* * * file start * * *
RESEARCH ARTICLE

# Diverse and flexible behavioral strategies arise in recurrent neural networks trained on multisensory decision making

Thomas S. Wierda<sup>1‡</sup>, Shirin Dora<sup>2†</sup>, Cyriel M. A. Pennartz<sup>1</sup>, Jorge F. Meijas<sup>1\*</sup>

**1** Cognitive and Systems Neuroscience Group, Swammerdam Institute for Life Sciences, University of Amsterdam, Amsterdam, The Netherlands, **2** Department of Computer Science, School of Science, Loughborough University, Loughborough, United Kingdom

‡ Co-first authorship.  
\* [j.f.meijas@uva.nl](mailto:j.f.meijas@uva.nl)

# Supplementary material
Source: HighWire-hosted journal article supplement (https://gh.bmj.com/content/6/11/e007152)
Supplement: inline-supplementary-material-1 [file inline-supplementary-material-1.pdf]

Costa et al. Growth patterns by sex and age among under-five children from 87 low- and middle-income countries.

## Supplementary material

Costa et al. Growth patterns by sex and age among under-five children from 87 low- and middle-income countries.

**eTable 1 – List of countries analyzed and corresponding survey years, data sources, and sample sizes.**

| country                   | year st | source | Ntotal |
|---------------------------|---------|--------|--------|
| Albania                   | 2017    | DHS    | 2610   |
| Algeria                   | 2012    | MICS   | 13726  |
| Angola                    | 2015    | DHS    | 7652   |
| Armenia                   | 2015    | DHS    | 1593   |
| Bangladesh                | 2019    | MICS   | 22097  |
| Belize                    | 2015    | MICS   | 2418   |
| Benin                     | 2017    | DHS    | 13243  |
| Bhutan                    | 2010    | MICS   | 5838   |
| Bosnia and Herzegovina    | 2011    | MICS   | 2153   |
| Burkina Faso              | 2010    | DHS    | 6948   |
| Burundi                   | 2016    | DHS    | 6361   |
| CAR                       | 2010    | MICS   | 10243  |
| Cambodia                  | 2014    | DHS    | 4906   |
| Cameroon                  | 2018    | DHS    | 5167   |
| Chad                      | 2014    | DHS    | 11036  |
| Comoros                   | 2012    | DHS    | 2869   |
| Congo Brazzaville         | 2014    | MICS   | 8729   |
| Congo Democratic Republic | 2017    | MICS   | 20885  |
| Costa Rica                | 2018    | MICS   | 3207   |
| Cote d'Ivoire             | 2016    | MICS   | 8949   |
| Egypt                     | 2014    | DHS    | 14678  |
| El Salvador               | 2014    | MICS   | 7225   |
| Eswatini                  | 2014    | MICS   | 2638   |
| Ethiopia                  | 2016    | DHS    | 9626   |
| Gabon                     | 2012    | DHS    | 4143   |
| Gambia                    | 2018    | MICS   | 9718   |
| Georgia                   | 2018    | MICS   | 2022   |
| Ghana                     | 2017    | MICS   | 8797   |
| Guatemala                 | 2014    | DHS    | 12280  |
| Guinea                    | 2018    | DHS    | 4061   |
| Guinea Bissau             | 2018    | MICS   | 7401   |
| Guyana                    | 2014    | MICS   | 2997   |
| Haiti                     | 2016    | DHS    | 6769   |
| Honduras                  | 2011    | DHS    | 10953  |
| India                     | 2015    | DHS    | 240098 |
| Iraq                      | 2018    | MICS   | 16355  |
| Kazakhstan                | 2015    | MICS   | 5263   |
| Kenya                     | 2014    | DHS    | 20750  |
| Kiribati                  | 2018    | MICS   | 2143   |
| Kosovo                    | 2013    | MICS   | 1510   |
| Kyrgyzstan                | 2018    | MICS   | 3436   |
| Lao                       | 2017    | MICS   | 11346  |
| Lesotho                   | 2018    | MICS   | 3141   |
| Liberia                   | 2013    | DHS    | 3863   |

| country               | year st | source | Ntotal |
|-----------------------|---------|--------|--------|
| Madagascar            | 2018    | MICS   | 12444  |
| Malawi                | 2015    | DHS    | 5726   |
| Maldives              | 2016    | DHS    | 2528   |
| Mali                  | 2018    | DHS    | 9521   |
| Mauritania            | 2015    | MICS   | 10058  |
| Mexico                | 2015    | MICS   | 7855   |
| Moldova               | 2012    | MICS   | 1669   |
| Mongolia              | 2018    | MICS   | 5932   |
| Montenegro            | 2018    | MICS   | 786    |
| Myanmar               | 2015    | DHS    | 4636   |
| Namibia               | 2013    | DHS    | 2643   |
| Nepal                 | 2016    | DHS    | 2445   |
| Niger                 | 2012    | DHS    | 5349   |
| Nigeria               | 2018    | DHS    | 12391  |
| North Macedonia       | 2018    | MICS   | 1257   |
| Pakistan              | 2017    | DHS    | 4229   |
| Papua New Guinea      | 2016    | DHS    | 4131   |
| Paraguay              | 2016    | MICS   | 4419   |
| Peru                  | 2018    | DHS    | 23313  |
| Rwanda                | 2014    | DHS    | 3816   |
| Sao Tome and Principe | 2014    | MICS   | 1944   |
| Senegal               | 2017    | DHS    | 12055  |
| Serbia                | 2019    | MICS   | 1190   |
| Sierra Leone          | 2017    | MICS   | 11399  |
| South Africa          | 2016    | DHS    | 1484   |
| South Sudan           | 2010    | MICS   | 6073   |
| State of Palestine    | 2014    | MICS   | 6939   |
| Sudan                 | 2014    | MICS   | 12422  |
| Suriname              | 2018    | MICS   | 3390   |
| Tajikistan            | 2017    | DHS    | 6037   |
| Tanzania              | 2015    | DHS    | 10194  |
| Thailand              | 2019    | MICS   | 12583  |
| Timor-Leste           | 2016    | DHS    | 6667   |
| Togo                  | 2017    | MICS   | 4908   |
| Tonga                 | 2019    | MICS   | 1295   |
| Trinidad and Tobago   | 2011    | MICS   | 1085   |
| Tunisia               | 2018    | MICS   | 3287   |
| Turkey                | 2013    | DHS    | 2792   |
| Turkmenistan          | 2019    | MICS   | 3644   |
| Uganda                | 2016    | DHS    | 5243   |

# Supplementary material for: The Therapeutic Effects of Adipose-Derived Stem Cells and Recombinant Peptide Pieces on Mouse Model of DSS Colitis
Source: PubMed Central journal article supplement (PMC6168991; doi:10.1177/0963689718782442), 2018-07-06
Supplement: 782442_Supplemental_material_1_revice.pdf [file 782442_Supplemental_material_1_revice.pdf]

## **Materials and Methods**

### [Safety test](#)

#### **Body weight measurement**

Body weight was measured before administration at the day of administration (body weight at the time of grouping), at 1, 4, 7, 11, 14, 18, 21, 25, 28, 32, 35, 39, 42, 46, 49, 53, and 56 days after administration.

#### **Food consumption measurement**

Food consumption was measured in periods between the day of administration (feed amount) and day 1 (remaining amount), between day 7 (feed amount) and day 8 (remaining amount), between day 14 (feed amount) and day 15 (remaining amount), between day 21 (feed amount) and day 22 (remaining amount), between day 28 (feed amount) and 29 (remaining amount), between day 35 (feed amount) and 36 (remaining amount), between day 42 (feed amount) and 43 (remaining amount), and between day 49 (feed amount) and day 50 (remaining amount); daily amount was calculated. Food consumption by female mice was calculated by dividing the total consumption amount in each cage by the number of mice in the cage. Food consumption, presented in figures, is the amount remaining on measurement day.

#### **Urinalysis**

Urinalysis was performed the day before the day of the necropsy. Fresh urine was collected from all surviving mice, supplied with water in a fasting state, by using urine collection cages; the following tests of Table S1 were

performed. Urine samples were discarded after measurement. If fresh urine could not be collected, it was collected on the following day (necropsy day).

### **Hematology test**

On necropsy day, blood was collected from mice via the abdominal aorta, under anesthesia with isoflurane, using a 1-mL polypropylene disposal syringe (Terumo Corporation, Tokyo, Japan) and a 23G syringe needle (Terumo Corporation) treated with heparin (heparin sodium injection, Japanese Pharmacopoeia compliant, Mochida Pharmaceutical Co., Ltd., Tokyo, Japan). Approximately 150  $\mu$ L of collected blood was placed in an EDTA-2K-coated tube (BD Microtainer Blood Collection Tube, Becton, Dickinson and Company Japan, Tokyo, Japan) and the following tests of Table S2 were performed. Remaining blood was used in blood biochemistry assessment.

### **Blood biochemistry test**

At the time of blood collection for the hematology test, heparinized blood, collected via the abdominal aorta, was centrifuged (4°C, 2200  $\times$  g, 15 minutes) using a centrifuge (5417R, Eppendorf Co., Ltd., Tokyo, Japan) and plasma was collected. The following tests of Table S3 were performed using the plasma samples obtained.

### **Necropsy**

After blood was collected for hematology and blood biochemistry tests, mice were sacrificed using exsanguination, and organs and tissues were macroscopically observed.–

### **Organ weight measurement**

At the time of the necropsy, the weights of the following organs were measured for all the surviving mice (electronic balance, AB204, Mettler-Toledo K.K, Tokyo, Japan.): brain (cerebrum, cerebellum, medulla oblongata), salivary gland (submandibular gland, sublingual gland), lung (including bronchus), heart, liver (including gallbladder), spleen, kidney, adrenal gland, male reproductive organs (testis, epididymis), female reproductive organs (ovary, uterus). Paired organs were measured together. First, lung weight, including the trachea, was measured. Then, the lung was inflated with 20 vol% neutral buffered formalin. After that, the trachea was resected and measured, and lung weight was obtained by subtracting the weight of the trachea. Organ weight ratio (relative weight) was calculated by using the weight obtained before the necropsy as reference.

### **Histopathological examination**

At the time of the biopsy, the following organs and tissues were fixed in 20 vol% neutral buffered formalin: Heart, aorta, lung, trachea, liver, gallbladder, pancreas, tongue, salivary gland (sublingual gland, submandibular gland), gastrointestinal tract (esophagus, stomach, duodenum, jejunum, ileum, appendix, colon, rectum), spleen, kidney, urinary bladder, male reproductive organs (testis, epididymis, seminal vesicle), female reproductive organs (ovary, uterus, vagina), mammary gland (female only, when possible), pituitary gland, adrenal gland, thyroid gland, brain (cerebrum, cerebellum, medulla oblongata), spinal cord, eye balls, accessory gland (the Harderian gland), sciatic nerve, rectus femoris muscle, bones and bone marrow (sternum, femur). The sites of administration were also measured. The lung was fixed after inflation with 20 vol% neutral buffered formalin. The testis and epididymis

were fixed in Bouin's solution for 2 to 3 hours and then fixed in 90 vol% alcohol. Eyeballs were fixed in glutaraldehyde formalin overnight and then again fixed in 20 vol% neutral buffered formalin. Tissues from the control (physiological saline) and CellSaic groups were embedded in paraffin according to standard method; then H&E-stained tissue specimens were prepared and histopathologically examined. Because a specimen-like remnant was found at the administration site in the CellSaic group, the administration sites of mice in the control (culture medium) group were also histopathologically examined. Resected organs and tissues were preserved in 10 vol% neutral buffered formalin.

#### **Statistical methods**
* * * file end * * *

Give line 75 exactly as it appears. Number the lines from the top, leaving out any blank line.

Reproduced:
| Nigeria               | 2018    | DHS    | 12391  |